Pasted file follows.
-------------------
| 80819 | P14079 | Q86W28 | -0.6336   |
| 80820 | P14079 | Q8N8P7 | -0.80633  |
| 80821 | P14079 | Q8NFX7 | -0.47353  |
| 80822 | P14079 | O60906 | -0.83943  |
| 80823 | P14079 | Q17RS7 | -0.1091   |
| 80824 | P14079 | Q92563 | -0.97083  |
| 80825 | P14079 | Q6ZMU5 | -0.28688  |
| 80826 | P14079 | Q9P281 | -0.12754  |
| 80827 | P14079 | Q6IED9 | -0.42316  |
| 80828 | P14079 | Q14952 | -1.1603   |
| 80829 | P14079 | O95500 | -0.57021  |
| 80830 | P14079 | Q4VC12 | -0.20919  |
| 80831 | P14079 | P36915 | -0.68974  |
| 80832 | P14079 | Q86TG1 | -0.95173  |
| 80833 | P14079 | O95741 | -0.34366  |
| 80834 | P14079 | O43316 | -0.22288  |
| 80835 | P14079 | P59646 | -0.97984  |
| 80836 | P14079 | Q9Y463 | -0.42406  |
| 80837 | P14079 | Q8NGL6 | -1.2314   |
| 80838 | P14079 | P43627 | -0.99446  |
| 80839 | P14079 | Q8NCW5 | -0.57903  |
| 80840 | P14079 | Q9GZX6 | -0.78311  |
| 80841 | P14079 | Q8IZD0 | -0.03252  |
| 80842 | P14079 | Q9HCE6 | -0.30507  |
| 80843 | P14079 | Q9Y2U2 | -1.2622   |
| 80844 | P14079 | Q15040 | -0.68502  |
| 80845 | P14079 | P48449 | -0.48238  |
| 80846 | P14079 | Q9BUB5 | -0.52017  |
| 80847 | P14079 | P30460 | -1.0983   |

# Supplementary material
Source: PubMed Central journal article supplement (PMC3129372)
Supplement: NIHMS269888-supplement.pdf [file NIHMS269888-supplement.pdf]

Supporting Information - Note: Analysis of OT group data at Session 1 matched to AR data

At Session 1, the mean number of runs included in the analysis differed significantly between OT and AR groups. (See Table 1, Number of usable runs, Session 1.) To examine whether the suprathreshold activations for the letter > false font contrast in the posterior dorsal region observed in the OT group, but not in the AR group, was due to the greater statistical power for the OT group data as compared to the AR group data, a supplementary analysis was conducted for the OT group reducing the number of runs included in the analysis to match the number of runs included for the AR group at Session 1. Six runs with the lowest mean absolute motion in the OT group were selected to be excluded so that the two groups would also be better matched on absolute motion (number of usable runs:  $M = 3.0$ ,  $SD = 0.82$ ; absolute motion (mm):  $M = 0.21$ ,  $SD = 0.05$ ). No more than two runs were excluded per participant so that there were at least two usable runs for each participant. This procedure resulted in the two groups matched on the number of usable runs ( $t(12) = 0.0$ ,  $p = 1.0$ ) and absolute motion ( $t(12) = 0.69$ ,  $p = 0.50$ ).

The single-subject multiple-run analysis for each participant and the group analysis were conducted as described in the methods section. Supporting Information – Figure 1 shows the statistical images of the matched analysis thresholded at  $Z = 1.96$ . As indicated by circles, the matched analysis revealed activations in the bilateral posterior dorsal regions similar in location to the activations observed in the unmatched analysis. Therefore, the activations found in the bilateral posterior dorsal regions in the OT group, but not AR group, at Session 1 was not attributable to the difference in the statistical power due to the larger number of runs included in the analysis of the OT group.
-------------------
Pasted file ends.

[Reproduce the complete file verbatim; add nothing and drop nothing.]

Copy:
| 80819 | P14079 | Q86W28 | -0.6336   |
| 80820 | P14079 | Q8N8P7 | -0.80633  |
| 80821 | P14079 | Q8NFX7 | -0.47353  |
| 80822 | P14079 | O60906 | -0.83943  |
| 80823 | P14079 | Q17RS7 | -0.1091   |
| 80824 | P14079 | Q92563 | -0.97083  |
| 80825 | P14079 | Q6ZMU5 | -0.28688  |
| 80826 | P14079 | Q9P281 | -0.12754  |
| 80827 | P14079 | Q6IED9 | -0.42316  |
| 80828 | P14079 | Q14952 | -1.1603   |
| 80829 | P14079 | O95500 | -0.57021  |
| 80830 | P14079 | Q4VC12 | -0.20919  |
| 80831 | P14079 | P36915 | -0.68974  |
| 80832 | P14079 | Q86TG1 | -0.95173  |
| 80833 | P14079 | O95741 | -0.34366  |
| 80834 | P14079 | O43316 | -0.22288  |
| 80835 | P14079 | P59646 | -0.97984  |
| 80836 | P14079 | Q9Y463 | -0.42406  |
| 80837 | P14079 | Q8NGL6 | -1.2314   |
| 80838 | P14079 | P43627 | -0.99446  |
| 80839 | P14079 | Q8NCW5 | -0.57903  |
| 80840 | P14079 | Q9GZX6 | -0.78311  |
| 80841 | P14079 | Q8IZD0 | -0.03252  |
| 80842 | P14079 | Q9HCE6 | -0.30507  |
| 80843 | P14079 | Q9Y2U2 | -1.2622   |
| 80844 | P14079 | Q15040 | -0.68502  |
| 80845 | P14079 | P48449 | -0.48238  |
| 80846 | P14079 | Q9BUB5 | -0.52017  |
| 80847 | P14079 | P30460 | -1.0983   |

# Supplementary material
Source: PubMed Central journal article supplement (PMC3129372)
Supplement: NIHMS269888-supplement.pdf [file NIHMS269888-supplement.pdf]

Supporting Information - Note: Analysis of OT group data at Session 1 matched to AR data

At Session 1, the mean number of runs included in the analysis differed significantly between OT and AR groups. (See Table 1, Number of usable runs, Session 1.) To examine whether the suprathreshold activations for the letter > false font contrast in the posterior dorsal region observed in the OT group, but not in the AR group, was due to the greater statistical power for the OT group data as compared to the AR group data, a supplementary analysis was conducted for the OT group reducing the number of runs included in the analysis to match the number of runs included for the AR group at Session 1. Six runs with the lowest mean absolute motion in the OT group were selected to be excluded so that the two groups would also be better matched on absolute motion (number of usable runs:  $M = 3.0$ ,  $SD = 0.82$ ; absolute motion (mm):  $M = 0.21$ ,  $SD = 0.05$ ). No more than two runs were excluded per participant so that there were at least two usable runs for each participant. This procedure resulted in the two groups matched on the number of usable runs ( $t(12) = 0.0$ ,  $p = 1.0$ ) and absolute motion ( $t(12) = 0.69$ ,  $p = 0.50$ ).

The single-subject multiple-run analysis for each participant and the group analysis were conducted as described in the methods section. Supporting Information – Figure 1 shows the statistical images of the matched analysis thresholded at  $Z = 1.96$ . As indicated by circles, the matched analysis revealed activations in the bilateral posterior dorsal regions similar in location to the activations observed in the unmatched analysis. Therefore, the activations found in the bilateral posterior dorsal regions in the OT group, but not AR group, at Session 1 was not attributable to the difference in the statistical power due to the larger number of runs included in the analysis of the OT group.